Five tips for becoming a senior software engineer

6 min readJan 28, 2021

Zone senior full-stack developer Jacob Pretorius offers his advice to ambitious developers looking to take the next step in their careers

As an active mentor on I hear from lots of ambitious developers who want to advance their careers. It can be difficult to say what makes someone a senior and when they’re ‘there’, so I’ve gathered my top five suggestions on how to set yourself up for success.

1 — Take ownership

The number one most important thing that sets seniors apart is that they take ownership and are able to work (at least somewhat) autonomously.

As a junior it’s perfectly fine and expected that you may sometimes need to work more closely with others on issues and projects. This is totally natural and, as you see your skills and experience grow, you’ll find yourself being able to work more on your own, only needing to occasionally touch base with others.

The next evolution is that you are confident enough to take on bigger features or issues (mostly) by yourself. In doing so you will earn trust from others and, before you know it, other seniors and leads will treat you that way.

You need to put yourself in a position where they can assign something to you and basically forget about it — they are busy and shouldn’t have to micromanage you. Of course, it’s fine to ask for help if you get stuck or need some fresh eyes to look at something, but generally they expect you to come back with a solution.

This can be scary at first, but don’t forget your team is always there to help you should you need it, and after doing it for a bit you will be more comfortable and start to really enjoy delivering whole solutions to often very complex problems. Others in the team will notice and soon your problem-solving skills will be in high demand.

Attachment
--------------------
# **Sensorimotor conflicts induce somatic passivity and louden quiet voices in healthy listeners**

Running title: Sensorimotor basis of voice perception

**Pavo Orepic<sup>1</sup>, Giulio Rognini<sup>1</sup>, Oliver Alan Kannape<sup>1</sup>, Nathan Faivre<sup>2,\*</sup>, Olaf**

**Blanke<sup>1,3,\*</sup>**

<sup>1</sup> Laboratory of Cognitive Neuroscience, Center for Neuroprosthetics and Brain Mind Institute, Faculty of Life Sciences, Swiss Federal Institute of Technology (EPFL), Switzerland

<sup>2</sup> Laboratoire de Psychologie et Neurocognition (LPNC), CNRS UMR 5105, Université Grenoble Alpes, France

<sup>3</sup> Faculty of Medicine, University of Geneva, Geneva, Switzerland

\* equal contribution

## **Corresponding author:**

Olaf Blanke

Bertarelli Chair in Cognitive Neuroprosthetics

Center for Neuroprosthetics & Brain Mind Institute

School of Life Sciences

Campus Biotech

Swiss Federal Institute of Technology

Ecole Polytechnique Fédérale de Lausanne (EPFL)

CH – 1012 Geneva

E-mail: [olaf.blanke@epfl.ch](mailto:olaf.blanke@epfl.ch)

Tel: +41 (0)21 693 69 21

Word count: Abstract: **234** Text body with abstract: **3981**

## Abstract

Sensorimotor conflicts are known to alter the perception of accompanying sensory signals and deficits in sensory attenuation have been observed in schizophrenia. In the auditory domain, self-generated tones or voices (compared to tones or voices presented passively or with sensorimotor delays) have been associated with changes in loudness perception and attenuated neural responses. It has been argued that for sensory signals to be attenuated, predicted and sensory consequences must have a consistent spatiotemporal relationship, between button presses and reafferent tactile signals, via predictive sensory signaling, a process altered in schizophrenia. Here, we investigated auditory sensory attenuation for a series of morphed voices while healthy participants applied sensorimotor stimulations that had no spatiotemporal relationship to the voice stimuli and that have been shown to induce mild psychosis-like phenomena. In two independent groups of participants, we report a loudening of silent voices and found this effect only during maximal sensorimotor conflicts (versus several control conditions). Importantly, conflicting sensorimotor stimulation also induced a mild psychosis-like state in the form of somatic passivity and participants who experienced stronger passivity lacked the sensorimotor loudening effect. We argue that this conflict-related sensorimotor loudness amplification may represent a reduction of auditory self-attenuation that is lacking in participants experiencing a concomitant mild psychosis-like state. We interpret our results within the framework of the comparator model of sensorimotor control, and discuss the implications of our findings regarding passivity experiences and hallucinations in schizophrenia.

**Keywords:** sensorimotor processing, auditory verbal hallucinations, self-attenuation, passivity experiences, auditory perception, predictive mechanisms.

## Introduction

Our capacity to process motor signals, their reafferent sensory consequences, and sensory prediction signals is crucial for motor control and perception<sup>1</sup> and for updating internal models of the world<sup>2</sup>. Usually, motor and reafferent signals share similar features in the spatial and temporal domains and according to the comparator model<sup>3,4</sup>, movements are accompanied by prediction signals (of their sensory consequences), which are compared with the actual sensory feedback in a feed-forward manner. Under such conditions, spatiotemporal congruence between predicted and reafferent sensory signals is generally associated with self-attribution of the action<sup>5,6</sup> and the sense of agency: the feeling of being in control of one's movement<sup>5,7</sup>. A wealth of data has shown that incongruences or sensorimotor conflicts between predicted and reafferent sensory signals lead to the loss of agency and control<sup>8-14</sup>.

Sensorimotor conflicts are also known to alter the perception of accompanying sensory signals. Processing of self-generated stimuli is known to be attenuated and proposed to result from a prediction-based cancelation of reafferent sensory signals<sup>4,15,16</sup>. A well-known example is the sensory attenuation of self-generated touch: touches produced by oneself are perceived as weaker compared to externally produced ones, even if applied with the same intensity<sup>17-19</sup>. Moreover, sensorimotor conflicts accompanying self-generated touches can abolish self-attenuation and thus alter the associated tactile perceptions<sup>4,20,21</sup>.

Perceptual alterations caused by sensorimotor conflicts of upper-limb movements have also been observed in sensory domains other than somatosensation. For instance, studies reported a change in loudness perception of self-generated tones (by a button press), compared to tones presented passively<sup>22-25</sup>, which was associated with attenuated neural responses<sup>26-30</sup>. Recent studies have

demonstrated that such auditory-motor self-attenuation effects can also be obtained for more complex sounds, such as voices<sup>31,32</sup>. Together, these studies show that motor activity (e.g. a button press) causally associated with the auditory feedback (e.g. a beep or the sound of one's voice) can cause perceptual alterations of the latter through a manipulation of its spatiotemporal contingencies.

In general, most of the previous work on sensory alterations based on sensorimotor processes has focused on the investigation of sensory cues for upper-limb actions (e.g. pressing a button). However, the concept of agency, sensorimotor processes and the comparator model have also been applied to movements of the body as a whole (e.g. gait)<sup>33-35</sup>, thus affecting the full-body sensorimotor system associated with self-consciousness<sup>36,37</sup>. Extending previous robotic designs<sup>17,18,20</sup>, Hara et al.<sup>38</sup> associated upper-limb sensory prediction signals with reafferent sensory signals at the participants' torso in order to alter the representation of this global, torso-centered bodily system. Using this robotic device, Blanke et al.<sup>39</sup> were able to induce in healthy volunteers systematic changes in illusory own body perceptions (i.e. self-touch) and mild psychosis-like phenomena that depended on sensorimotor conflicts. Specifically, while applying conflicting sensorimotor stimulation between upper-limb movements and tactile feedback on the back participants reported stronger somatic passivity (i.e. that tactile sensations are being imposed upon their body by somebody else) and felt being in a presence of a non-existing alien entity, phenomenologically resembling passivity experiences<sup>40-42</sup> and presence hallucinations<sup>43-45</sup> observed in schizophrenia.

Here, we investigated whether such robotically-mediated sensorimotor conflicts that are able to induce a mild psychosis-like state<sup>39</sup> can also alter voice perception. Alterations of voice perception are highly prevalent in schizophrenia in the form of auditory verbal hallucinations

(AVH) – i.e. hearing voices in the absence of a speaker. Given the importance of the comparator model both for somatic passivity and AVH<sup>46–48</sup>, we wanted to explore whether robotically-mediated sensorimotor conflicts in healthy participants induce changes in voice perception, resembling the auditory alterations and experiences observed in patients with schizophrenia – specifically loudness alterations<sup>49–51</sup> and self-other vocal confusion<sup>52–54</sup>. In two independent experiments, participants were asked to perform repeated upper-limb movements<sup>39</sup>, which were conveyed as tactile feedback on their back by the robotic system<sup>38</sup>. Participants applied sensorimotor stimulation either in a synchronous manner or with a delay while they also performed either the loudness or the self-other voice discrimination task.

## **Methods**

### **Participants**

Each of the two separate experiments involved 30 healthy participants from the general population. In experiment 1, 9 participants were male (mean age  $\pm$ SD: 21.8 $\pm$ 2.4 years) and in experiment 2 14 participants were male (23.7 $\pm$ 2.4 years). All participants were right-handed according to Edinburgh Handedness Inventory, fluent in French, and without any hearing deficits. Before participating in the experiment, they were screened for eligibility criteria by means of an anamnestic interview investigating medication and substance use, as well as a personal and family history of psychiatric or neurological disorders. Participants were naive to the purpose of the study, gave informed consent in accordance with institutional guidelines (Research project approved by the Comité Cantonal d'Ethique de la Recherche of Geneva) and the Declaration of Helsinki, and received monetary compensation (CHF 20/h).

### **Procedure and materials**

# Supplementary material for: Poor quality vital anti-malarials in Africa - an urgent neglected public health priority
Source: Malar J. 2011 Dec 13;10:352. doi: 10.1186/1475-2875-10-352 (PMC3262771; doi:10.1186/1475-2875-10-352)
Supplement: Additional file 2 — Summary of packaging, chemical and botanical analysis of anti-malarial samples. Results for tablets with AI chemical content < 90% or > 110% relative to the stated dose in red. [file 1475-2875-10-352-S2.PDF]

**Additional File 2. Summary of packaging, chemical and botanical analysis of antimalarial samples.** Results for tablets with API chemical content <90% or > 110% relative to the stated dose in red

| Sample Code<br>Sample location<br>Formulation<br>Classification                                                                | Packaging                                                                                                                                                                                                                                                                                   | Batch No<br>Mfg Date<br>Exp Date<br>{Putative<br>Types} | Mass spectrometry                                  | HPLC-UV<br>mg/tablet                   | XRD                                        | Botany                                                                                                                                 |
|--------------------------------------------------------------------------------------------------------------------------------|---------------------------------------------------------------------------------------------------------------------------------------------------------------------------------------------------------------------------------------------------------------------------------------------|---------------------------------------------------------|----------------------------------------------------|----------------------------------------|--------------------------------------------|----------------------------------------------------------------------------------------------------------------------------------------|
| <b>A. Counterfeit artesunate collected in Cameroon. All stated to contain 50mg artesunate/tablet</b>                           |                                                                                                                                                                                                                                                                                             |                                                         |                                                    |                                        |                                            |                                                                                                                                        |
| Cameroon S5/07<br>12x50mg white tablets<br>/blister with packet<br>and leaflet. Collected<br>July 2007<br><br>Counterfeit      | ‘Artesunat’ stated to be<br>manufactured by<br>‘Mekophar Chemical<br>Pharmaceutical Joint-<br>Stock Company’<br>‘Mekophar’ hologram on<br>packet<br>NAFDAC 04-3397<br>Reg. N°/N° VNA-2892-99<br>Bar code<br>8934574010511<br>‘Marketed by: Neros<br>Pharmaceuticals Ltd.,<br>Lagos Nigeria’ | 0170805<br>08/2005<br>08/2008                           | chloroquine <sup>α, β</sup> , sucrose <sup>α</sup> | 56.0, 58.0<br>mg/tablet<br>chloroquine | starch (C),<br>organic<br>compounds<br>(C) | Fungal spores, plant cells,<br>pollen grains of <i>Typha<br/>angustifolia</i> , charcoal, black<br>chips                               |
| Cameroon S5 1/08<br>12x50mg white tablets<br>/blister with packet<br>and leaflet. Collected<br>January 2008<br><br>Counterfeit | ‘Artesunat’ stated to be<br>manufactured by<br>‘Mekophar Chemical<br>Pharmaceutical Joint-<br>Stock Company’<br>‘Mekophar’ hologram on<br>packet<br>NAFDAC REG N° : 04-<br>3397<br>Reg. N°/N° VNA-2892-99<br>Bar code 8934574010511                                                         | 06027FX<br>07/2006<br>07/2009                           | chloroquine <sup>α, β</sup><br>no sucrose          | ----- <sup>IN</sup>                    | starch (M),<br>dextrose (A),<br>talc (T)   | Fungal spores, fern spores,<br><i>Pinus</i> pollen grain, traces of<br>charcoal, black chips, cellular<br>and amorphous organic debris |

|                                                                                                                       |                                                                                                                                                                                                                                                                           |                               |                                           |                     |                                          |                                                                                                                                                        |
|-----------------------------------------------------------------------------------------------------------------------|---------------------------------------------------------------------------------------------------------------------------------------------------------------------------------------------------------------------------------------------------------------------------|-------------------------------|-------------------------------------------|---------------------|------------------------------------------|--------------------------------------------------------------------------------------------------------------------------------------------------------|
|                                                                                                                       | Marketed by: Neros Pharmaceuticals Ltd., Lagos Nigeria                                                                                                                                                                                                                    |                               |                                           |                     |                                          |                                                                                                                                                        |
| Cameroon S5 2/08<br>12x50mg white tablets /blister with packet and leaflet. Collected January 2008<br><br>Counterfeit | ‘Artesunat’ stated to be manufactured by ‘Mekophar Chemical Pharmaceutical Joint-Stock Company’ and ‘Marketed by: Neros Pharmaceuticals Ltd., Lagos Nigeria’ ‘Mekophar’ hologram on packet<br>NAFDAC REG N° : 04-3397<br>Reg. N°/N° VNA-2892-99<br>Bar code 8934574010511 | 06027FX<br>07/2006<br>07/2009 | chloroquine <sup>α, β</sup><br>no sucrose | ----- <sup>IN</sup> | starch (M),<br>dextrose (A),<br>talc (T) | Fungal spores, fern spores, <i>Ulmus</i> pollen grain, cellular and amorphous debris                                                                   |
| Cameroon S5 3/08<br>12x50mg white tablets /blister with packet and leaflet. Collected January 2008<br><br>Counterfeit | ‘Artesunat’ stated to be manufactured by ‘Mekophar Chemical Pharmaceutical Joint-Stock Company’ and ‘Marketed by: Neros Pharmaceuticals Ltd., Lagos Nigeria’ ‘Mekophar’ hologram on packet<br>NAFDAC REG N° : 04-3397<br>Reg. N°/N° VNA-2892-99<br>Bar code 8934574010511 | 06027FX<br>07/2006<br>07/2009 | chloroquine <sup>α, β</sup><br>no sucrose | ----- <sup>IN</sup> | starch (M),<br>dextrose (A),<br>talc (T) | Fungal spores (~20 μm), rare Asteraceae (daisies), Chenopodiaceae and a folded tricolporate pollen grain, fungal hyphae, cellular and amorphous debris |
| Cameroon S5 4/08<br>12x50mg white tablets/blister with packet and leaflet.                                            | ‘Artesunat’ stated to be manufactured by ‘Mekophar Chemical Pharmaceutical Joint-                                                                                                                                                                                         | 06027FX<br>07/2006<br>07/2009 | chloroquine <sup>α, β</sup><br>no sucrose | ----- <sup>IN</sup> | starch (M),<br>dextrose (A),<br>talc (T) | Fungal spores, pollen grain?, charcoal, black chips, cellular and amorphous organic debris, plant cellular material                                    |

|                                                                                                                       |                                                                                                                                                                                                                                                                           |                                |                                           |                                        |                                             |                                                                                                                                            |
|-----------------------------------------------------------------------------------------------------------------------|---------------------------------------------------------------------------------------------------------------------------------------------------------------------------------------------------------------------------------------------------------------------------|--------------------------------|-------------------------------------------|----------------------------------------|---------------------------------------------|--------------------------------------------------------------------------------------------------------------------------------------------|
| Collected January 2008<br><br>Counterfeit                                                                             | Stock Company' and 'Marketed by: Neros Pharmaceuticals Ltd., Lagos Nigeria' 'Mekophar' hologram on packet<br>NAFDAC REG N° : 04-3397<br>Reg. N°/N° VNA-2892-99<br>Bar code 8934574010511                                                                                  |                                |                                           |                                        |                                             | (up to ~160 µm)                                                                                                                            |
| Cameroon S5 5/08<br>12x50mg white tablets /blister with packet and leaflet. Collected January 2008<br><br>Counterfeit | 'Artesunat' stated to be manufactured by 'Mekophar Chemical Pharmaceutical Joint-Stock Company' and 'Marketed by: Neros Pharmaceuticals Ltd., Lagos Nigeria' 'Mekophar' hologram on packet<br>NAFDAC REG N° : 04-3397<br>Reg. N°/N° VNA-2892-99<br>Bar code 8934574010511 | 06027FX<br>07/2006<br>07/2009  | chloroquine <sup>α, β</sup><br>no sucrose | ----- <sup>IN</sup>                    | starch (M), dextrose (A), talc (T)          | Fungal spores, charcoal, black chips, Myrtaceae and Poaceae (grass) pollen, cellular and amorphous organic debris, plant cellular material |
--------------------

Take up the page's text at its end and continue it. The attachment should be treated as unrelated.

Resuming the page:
2 — Anticipate more perspectives

As a software engineer it’s easy for you to think like one — that has loads of perks as you painlessly navigate complex systems on a daily basis and are able to fix your friends’ printers by installing the appropriate drivers (possibly… don’t ask me).

Part of the job teaches you to think like a user — you know the user stories “as a user when I …” — which is crucial in delivering good end products.

The next thing you should keep in mind when approaching weird edge cases and sometimes crazy-sounding business requirements is to ask yourself: “Why is this a thing?”

No business wants to build anything with needlessly complex business rules and limitations –there are always good reasons for them. Often if you ask the right questions you will find out why these limitations exist or why the business rules are what they are.

Then it becomes much easier to find the right solutions, not just mangle something together based on a partial understanding of the business needs.

Who knows: you could even use your problem-solving superpowers and come up with better ways to overcome the real limitations, thereby removing the weird business requirements all together.

It’s the same story with all stakeholders. The analytics and data crew might ask that you refactor your code a bit and add some more tracking, maybe even reducing your perfectly tuned code’s performance slightly (argh!). But by doing so the analytics crew can make better dashboards and gather user insights, so the marketing team can tune their marketing, leading to product growth (backed by solid data) that the department heads can take to the board, making an even stronger case for more budget in your project owners’ pocket, allowing you to build even more cool stuff.

So yes, I will add that bit of analytics code, thank you for asking.

3 — Speak up

Speaking up sometimes seems like it’s the hardest thing for a dev to do. We can understand cryptic programming languages and pick up new ones in hours, we can talk for days around fully conceptual ideas and the logic behind our solutions, we can even install the appropriate printer drivers (well… some of us).